“A bipartisan group of experts and officials have studied multiple scenarios where the outcome of the election was not immediately known. Some of these scenarios resulted in unrest and even violence,” Sanders and Schumer wrote, suggesting the Senate should elevate similar discussions and familiarize the public with the uncertainties ahead. “We would like to hear from the most knowledgeable people in the country as to how we can do everything possible to make sure that the election and the period afterward is secure and peaceful.”

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HHS official sorry for conspiracy theory video

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HHS official sorry for conspiracy theory video

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HHS supported Caputo, with a statement that called him a critical, integral part of the presidents coronavirus response, leading on public messaging as Americans need public health information to defeat the COVID-19 pandemic.

There was no immediate statement from the White House.

Attempts to reach Caputo were unsuccessful.

On Capitol Hill, Sen. Patty Murray, D-Wash., called on Azar to fire Caputo, accusing the spokesman of trying to interfere with CDC reports to the medical and scientific community, as well as the public at large. And Senate Minority leader Chuck Schumer, D-N.Y., called on Azar himself to resign, citing interference with the CDC as one example of what he termed the administration’s failures.

Officials at CDC have privately complained of recent efforts by political appointees at main HHS to try to edit or press for changes in the agency’s weekly MMWR publications, a go-to resource for public health professionals.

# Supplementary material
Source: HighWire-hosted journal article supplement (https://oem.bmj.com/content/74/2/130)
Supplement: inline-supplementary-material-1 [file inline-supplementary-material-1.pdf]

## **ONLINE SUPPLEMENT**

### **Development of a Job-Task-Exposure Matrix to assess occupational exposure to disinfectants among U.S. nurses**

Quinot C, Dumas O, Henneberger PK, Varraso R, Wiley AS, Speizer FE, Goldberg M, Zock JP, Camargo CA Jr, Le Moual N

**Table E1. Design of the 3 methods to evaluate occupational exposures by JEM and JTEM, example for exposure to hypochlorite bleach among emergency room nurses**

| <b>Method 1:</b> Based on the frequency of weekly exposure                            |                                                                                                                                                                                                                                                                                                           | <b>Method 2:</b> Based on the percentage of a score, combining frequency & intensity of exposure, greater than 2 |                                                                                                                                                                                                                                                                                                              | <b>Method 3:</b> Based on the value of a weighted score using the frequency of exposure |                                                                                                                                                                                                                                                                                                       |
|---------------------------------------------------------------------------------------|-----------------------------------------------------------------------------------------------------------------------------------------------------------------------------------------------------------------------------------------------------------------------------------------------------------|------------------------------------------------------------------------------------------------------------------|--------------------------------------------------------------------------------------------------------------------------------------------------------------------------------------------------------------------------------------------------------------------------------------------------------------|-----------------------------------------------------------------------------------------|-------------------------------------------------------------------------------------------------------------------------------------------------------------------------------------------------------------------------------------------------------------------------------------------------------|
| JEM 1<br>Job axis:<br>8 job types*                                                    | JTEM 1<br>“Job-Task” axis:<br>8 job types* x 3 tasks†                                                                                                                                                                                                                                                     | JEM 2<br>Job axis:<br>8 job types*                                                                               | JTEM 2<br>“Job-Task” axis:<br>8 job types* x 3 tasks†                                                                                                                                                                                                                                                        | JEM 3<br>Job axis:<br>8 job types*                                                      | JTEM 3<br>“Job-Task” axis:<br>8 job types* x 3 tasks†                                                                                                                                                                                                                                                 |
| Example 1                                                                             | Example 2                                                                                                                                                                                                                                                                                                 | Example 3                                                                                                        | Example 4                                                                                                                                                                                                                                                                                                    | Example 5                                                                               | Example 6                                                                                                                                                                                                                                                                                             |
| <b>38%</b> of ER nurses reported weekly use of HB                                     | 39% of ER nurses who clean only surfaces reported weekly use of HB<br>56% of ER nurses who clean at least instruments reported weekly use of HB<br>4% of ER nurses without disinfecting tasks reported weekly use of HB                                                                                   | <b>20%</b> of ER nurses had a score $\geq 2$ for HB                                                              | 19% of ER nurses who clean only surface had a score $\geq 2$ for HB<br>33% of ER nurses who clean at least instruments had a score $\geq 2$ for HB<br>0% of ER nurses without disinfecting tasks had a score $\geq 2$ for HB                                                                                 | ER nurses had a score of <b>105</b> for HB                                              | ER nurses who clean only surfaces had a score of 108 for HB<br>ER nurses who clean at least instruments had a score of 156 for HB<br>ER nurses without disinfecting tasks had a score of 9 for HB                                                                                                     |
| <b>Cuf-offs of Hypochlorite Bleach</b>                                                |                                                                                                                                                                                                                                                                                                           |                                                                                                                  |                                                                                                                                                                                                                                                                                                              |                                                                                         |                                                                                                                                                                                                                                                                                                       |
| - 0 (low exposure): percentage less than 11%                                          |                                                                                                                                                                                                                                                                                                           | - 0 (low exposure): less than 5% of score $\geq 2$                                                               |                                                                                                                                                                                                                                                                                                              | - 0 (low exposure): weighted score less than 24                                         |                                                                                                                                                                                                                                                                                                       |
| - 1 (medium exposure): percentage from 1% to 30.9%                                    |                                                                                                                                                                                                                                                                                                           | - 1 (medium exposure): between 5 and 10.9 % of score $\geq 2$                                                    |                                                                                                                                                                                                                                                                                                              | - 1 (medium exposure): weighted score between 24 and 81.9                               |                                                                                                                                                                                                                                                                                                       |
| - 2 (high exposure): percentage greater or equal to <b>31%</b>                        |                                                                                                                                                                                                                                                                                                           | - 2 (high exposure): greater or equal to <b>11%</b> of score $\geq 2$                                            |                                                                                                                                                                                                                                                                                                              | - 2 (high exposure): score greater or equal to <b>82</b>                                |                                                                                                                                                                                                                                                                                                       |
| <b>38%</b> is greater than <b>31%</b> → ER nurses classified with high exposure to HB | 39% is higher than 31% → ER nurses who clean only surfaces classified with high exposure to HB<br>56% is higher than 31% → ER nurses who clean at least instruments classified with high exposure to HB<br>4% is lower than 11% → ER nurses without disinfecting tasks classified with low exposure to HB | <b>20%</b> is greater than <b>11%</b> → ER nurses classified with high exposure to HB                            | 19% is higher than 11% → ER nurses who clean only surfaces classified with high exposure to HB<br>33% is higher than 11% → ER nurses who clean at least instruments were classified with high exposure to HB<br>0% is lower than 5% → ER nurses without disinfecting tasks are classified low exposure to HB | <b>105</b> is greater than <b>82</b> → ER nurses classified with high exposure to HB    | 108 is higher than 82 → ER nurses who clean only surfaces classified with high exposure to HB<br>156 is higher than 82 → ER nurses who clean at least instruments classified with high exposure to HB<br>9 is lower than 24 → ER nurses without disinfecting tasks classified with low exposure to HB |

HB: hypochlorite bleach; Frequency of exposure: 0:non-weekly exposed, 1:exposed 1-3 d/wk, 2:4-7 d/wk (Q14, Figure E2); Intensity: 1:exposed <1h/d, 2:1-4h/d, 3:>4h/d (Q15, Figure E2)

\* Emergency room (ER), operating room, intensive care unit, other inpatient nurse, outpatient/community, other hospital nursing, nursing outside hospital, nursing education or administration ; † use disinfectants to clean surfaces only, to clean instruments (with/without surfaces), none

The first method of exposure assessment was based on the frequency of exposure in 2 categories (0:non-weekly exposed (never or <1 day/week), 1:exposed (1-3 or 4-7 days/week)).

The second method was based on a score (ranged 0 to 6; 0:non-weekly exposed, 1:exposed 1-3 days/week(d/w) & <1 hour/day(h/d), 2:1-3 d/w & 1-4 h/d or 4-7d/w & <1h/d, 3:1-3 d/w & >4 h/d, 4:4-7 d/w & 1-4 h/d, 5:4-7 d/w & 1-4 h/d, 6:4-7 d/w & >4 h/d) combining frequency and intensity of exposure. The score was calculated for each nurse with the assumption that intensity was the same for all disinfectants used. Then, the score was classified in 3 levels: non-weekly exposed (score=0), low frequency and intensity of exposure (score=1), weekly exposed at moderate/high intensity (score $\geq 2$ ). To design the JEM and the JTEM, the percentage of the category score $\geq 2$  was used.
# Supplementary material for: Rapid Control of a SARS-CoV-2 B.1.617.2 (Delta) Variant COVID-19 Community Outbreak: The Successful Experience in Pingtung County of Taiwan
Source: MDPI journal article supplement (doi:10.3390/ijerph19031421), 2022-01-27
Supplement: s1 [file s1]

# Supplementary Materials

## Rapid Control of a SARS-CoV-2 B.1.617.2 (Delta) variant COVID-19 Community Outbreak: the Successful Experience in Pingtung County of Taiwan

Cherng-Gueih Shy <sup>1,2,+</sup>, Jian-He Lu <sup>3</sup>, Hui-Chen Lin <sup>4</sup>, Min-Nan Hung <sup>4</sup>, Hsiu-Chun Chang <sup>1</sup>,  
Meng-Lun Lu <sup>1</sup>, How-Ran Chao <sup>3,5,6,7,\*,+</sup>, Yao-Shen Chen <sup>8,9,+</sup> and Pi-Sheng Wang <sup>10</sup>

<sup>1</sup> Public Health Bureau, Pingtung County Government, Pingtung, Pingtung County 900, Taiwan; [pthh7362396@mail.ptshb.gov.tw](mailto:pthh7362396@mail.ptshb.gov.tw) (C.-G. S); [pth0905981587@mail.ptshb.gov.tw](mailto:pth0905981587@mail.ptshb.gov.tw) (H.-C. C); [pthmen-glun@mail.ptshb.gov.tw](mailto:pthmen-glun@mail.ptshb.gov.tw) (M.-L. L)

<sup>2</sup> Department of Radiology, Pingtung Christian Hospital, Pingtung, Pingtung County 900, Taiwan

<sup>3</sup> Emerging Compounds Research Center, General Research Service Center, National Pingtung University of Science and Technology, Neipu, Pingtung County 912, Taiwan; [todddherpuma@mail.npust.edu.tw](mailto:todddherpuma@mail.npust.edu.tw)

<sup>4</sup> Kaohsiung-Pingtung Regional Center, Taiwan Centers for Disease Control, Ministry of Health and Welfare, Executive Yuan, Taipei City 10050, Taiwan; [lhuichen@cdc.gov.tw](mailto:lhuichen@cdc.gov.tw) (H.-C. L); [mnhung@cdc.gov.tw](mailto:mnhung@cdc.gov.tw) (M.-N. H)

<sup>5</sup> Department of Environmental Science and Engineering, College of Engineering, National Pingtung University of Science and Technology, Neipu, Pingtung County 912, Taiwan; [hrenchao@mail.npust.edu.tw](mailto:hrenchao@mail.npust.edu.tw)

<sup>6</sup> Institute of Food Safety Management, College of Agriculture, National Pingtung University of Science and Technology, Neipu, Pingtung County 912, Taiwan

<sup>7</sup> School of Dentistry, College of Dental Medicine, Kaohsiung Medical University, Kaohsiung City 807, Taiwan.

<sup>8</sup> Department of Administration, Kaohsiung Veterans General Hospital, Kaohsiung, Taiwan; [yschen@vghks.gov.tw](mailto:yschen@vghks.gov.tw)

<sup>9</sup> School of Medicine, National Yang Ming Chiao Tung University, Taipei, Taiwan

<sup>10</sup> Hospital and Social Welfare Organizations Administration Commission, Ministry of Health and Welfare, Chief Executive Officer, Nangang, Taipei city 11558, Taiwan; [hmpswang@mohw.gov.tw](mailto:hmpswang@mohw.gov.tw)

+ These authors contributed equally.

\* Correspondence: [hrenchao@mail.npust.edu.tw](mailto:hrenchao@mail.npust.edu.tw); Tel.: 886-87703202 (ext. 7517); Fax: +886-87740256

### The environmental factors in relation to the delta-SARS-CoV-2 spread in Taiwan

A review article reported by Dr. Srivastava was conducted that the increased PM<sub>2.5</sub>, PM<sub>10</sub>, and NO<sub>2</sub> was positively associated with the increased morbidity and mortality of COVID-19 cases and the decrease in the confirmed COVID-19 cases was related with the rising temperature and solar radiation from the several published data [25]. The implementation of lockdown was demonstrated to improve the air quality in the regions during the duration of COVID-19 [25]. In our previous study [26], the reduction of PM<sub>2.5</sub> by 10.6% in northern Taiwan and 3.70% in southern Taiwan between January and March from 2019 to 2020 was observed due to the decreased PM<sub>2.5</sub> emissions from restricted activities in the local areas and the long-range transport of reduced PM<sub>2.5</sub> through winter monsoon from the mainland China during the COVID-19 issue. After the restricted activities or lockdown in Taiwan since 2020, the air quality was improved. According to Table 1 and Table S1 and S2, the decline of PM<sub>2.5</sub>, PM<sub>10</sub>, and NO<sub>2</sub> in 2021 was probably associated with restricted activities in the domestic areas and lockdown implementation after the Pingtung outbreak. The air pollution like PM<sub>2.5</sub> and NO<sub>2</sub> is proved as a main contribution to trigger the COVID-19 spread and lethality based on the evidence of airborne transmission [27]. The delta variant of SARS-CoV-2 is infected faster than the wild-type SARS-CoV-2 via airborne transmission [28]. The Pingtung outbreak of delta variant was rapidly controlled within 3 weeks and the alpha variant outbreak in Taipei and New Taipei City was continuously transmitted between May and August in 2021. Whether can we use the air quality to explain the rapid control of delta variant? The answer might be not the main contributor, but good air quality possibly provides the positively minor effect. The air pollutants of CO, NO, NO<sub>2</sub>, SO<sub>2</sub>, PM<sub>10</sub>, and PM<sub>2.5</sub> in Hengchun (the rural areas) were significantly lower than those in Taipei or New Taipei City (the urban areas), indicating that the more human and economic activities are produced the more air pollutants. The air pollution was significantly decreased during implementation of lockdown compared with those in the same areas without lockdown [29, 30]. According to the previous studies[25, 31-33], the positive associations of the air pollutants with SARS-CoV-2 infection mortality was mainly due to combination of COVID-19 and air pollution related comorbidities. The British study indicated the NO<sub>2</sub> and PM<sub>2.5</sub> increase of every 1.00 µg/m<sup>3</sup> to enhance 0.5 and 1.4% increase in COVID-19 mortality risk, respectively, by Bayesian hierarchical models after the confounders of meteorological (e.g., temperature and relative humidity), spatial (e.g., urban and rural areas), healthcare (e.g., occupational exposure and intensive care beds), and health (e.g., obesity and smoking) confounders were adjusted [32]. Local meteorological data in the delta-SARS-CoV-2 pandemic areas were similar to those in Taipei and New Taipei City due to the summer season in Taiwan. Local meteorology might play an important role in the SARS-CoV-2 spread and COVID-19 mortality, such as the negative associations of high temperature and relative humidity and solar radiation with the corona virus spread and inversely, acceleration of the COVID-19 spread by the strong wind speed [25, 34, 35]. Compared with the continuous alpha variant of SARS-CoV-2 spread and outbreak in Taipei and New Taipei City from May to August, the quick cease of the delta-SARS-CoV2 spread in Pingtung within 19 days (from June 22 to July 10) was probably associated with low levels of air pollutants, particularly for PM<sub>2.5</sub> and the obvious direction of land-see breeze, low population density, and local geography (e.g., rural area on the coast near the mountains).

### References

MMWR articles are technical, but they reveal telling details. One published earlier this year noted that while Trump’s travel restrictions dramatically reduced travel from China in February, nothing was being done at that time to restrict travel from Italy and Europe, where the coronavirus was spreading widely and rapidly. Analysis of virus samples from hard-hit New York in March suggested it was introduced there from Europe and other parts of the U.S., the CDC article reported.

Caputo is an unswerving Trump loyalist. His recent book, The Ukraine Hoax, claims the presidents phony impeachment was rooted in a vast conspiracy.

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unwinona:This is exactly what conspiracy theorists and anti-vaxxers have done with their HIV/AIDS…

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unwinona:This is exactly what conspiracy theorists and anti-vaxxers have done with their HIV/AIDS...

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My RSS Feedunwinona:

This is exactly what conspiracy theorists and anti-vaxxers have done with their HIV/AIDS and Polio narrative (among others), only we’re seeing it escalated to weeks and months instead of years or decades.